Neonicotinoid Pesticides – Why Can’t We Just STOP?
Topic: Neonicotinoid Pesticides – Why Can’t we Just STOP?
Presenter: Maureen Temme
Date: February 13, 2014
Time: 7:00 – 8:30 pm
Location: Grosvenor Lodge, 1017 Western Road
For more information call: 519-685-2845
Maureen Temme, is a passionate and active member of the environmental community in London. She was named to the Mayor’s New Years Honours list in 2012, for her work on environmental sustainability, food security and community gardens and has a wealth of knowledge to share on so many related topics including composting and seed saving. Maureen will speak on the topic of neonicotinoid pesticides and the need for their use to be stopped.
Join others to learn and to discuss the possibility of creating a no-use buffer zone within London’s urban boundary.
TREA was instrumental in the creation and promotion of the Pesticide By-Law for London. Having a By-law does not ensure that there are no pesticides being used. This session will raise awareness about the negative impact a particular class of pesticides, neonicotinoids, have on the ecosystems that involve our food supply.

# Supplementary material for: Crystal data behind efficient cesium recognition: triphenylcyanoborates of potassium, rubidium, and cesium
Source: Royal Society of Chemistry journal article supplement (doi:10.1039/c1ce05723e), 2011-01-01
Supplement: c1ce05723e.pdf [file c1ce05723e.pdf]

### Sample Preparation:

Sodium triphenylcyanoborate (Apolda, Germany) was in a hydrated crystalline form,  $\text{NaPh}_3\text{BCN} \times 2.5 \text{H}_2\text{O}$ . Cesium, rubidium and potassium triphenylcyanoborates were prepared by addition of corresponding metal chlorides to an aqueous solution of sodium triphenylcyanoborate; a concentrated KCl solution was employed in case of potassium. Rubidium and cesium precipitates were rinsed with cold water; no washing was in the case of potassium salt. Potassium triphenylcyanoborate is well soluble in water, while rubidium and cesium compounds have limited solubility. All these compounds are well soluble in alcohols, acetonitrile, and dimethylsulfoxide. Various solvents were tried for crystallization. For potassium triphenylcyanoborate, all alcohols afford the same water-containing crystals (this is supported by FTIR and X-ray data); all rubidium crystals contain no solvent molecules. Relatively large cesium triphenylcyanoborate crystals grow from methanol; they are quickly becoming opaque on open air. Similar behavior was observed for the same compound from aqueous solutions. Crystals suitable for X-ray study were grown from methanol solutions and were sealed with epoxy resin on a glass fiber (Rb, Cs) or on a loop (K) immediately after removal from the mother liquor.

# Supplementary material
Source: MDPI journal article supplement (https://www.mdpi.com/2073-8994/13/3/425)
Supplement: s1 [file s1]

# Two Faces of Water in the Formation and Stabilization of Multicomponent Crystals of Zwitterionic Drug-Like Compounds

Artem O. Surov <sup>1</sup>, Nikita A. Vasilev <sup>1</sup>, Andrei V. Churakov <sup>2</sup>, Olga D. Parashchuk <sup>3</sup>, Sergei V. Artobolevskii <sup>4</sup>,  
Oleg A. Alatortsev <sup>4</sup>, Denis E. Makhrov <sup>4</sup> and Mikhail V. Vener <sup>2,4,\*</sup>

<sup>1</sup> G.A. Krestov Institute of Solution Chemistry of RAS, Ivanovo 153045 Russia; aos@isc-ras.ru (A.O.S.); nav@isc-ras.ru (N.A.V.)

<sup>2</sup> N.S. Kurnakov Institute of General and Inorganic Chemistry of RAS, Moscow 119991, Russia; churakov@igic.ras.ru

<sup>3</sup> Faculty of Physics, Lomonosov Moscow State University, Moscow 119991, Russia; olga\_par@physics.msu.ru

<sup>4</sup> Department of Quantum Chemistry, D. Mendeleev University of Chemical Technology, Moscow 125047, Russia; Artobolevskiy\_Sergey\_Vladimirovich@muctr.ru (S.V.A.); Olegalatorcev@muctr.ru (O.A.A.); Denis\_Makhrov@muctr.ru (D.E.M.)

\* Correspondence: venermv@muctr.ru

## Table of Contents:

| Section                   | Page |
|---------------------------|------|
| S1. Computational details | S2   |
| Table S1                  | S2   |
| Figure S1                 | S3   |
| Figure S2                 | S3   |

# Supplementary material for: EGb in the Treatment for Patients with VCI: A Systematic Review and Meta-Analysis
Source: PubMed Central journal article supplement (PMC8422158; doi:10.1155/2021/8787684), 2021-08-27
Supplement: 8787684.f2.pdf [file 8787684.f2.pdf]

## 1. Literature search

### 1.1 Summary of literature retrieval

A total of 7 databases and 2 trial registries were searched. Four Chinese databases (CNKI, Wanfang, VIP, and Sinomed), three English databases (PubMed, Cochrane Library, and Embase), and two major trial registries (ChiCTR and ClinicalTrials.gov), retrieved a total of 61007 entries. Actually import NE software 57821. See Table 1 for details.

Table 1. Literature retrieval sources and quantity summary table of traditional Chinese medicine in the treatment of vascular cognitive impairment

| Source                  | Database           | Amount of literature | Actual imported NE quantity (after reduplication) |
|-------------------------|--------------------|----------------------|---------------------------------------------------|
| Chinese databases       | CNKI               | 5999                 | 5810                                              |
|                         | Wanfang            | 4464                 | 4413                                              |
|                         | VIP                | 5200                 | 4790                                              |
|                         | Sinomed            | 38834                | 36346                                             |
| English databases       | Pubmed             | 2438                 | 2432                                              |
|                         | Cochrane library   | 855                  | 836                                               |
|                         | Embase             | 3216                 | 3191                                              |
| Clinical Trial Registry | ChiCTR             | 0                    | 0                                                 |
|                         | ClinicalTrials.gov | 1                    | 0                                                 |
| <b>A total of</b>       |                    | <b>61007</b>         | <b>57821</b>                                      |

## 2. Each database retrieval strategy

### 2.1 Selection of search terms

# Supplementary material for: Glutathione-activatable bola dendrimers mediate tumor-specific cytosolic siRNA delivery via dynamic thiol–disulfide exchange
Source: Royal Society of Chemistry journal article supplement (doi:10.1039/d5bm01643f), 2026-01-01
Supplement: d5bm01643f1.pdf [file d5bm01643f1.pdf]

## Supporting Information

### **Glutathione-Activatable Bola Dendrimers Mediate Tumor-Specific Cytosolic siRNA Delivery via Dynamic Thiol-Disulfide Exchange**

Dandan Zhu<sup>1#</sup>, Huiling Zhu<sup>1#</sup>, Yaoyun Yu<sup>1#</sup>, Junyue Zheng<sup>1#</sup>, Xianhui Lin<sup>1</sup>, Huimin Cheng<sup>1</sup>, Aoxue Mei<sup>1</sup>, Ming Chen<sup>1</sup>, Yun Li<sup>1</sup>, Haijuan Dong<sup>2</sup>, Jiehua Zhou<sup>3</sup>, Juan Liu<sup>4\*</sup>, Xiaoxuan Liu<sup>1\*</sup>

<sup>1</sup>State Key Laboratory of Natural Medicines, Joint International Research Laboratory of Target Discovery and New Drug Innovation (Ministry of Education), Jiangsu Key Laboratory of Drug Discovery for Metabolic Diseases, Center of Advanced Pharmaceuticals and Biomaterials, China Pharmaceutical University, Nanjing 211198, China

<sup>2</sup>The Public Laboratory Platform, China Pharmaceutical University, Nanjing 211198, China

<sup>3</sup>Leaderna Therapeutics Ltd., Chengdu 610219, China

Neonicotinoid pesticides have become the most used class of pesticides worldwide. Reports are coming out worldwide that they are deadly or harmful to honeybees and other pollinating insects, to birds, and to many invertebrates and vertebrate animals.
Neonicotinoids are systemic to plants, and persistent in the environment (staying in watercourses for over a year). They travel through foodchains and their effects are cumulative so that low doses build over time and cause problems like paralysis, immune system suppression, embryo malformation resulting in neonatal death, and inability to navigate through landscape. A situation often cited about honeybees is that bees lose their way and don’t get back to the hive.
A major report on neonicotinoids and birds, commissioned by the American Bird Conservancy, refers to the seriousness of pollinator loss: “…it would be foolhardy to argue that dramatic losses of insect biomass from ecosystems is not going to have potential consequences on the integrity of those ecosystems”. That word “integrity” has gravitas in that use. Animals eat other animals, and if one critter is missing, the others are affected. Since an “ecosystem” may include all of environmentally sensitive areas, woodlots, farm fields, and urban yards, a loss at one point really matters … things fall apart